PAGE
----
import ioio.lib.api.DigitalOutput;
import ioio.lib.api.exception.ConnectionLostException;
import ioio.lib.util.AbstractIOIOActivity;
import android.os.Bundle;
import android.widget.ToggleButton;
 * This is the main activity of the HelloIOIO example application.
 * It displays a toggle button on the screen, which enables control of the
 * on-board LED. This example shows a very simple usage of the IOIO, by using
 * the {@link AbstractIOIOActivity} class. For a more advanced use case, see the
 * HelloIOIOPower example.
publicclass MainActivity extends AbstractIOIOActivity {
       private ToggleButton button_;
        * Called when the activity is first created. Here we normally initialize
        * our GUI.
       publicvoid onCreate(Bundle savedInstanceState) {
              super.onCreate(savedInstanceState);//all Android app have this line, just make sure it's there and don't worry about it
              setContentView(R.layout.main);    //in Android, the screen layout comes from an XML file you specificy, main.xml here
              button_ = (ToggleButton) findViewById(;
        * This is the thread on which all the IOIO activity happens. It will be run
        * every time the application is resumed and aborted when it is paused. The
        * method setup() will be called right after a connection with the IOIO has
        * been established (which might happen several times!). Then, loop() will
        * be called repetitively until the IOIO gets disconnected.
       class IOIOThread extends AbstractIOIOActivity.IOIOThread {
              /** The on-board LED. */
              private DigitalOutput led_;
               * Called every time a connection with IOIO has been established.
               * Typically used to open pins.
               * @throws ConnectionLostException
               *             When IOIO connection is lost.
               * @see ioio.lib.util.AbstractIOIOActivity.IOIOThread#setup()
              protectedvoid setup() throws ConnectionLostException {
                     led_ = ioio_.openDigitalOutput(0, true);
               * Called repetitively while the IOIO is connected.
               * @throws ConnectionLostException
               *             When IOIO connection is lost.
               * @see ioio.lib.util.AbstractIOIOActivity.IOIOThread#loop()
              protectedvoid loop() throws ConnectionLostException {
                     try {
                     } catch (InterruptedException e) {
        * A method to create our IOIO thread.
        * @see ioio.lib.util.AbstractIOIOActivity#createIOIOThread()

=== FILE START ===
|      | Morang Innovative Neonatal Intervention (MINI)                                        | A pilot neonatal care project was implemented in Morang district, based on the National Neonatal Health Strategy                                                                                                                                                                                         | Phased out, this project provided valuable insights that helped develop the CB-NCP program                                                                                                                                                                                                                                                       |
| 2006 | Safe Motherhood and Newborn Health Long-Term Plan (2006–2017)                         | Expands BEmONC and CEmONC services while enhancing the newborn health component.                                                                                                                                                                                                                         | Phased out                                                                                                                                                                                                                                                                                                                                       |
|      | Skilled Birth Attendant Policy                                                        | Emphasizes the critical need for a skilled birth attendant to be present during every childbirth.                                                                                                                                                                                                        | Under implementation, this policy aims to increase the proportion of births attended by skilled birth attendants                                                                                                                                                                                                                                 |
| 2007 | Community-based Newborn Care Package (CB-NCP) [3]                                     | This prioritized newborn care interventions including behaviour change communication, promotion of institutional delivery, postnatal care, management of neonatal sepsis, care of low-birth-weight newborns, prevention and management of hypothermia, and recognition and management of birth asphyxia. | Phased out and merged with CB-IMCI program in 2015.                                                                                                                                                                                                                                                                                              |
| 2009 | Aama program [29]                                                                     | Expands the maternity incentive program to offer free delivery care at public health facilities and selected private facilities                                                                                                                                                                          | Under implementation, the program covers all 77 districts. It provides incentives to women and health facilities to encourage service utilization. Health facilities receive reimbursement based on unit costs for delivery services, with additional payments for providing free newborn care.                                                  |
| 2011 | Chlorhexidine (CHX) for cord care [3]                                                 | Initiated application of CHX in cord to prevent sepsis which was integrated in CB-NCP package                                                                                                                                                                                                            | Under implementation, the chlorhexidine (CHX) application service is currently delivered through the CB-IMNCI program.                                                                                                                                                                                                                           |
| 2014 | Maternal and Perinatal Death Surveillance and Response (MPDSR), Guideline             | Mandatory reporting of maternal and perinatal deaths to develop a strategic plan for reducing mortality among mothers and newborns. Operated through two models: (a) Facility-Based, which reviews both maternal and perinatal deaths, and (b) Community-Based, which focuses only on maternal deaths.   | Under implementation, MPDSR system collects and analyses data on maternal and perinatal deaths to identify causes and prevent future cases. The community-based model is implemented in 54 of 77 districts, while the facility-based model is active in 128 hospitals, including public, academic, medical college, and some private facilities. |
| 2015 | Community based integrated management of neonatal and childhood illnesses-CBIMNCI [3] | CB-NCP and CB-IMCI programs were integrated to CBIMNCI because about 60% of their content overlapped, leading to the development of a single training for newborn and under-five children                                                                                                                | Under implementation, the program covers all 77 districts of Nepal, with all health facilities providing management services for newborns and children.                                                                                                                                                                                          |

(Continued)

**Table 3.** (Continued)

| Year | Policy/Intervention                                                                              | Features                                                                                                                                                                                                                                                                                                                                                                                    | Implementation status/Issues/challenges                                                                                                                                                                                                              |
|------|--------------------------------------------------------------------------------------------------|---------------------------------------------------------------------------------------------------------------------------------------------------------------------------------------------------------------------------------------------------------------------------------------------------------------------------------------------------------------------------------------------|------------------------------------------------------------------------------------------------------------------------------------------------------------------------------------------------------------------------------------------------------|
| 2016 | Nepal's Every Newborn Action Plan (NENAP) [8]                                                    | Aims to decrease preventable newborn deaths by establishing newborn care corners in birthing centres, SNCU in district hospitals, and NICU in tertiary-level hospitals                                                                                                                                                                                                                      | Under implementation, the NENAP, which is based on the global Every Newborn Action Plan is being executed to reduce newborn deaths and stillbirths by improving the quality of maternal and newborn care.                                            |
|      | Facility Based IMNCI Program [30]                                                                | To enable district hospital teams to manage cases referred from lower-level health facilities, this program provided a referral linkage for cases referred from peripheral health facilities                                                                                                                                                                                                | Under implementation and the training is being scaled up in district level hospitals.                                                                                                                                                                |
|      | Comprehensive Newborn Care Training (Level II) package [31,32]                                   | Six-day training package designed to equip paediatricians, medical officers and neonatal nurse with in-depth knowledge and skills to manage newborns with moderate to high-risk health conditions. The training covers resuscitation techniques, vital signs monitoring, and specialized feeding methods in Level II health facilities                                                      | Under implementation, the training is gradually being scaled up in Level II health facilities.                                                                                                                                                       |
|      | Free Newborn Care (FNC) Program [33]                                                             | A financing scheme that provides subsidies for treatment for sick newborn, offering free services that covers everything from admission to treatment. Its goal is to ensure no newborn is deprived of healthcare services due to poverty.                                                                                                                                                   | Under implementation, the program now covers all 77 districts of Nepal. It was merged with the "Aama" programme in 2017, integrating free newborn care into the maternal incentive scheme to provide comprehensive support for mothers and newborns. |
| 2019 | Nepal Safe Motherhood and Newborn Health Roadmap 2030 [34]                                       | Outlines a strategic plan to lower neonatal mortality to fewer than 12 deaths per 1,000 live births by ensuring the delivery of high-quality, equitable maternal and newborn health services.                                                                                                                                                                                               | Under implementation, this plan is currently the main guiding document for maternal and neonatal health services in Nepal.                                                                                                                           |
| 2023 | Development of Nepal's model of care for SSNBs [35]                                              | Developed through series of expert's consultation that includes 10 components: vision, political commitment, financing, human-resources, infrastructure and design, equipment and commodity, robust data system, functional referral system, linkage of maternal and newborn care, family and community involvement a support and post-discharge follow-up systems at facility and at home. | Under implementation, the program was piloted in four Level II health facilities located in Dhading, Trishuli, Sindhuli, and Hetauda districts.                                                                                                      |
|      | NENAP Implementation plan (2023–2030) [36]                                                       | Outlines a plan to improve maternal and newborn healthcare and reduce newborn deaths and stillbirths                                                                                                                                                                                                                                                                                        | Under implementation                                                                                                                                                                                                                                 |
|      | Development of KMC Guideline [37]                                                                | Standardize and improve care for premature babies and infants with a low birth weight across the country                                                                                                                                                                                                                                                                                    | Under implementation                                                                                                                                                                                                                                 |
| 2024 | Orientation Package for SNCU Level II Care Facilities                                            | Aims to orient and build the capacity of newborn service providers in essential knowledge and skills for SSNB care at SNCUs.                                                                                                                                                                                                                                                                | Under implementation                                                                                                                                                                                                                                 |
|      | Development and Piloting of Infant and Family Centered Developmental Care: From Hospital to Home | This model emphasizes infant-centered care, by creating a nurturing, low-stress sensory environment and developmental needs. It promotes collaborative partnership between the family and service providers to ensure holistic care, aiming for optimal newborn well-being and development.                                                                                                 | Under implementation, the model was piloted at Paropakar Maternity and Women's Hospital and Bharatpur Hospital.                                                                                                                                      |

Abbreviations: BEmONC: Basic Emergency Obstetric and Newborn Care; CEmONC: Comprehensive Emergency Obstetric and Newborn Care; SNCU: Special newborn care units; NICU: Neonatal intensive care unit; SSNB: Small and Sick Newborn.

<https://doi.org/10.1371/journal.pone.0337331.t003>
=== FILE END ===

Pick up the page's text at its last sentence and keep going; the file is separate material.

protected AbstractIOIOActivity.IOIOThread createIOIOThread() {
              returnnew IOIOThread();



kkrumwiede made it! (author)2013-09-07

Has anyone had problems with these LED strips? I just received my second strip from Sparkfun thinking the first was bad but I'm finding the second one has the same behavior. I'm quite familiar with the IOIO... and followed this instructable... I also tried plugging in the LED's to an arduino and found the same behavior. The last (or maybe the 1st) LED (the one furthest away from the IOIO connection is the only one that lights, and it seems to cycle through the colors on that single LED only if I touch the end of the opposite connector. When the first strip began behaving this way, I thought there might be a bad connection or one of the chips was bad, so I cut and rewired a portion of it... and had the same behavior... so it is starting to seem like an issue with power or cycling through the LED's. Should all the LED's turn on as I connect to 5V supply and ground? If not, is there another simple way to check all the LED's in the strip before I get into the programming (although knowing Ytai, I trust the code Holiday IOIO app works fine)... I am trying to build this into something this week before the Greenbrae mini-maker Faire next weekend so any help would be GREATLY appreciated!

vov35 made it! (author)2011-12-24

hmm... you're running LED strips directly off microcontroller pins? wouldn't it be best to isolate them with transistors?

Regardless, nicely done, I quite like the effect.

power_tr made it! (author)power_tr2012-08-04

Not like that!
Each LED has its own WS2801 IC and current limiting resistors.

subrotradeindia made it! (author)2012-05-25

hi can you provide me detail for some discussion


alinke made it! (author)alinke2012-05-25

Hi, all the tech info I have is documented in the instructable, is there any particular area you want more info on

ytai made it! (author)2011-12-24

@vov35 the IOIO pins aren't driving the LEDs, only controlling them. The LED strip itself has the drivers.
Only two I/O pins on the IOIO were used: clock and data, both fed from an SPI module.

About This Instructable




Bio: Al is a wearable tech entrepreneur and creator of a line of smart phone controlled LED handbags With 22 years of experience ... More »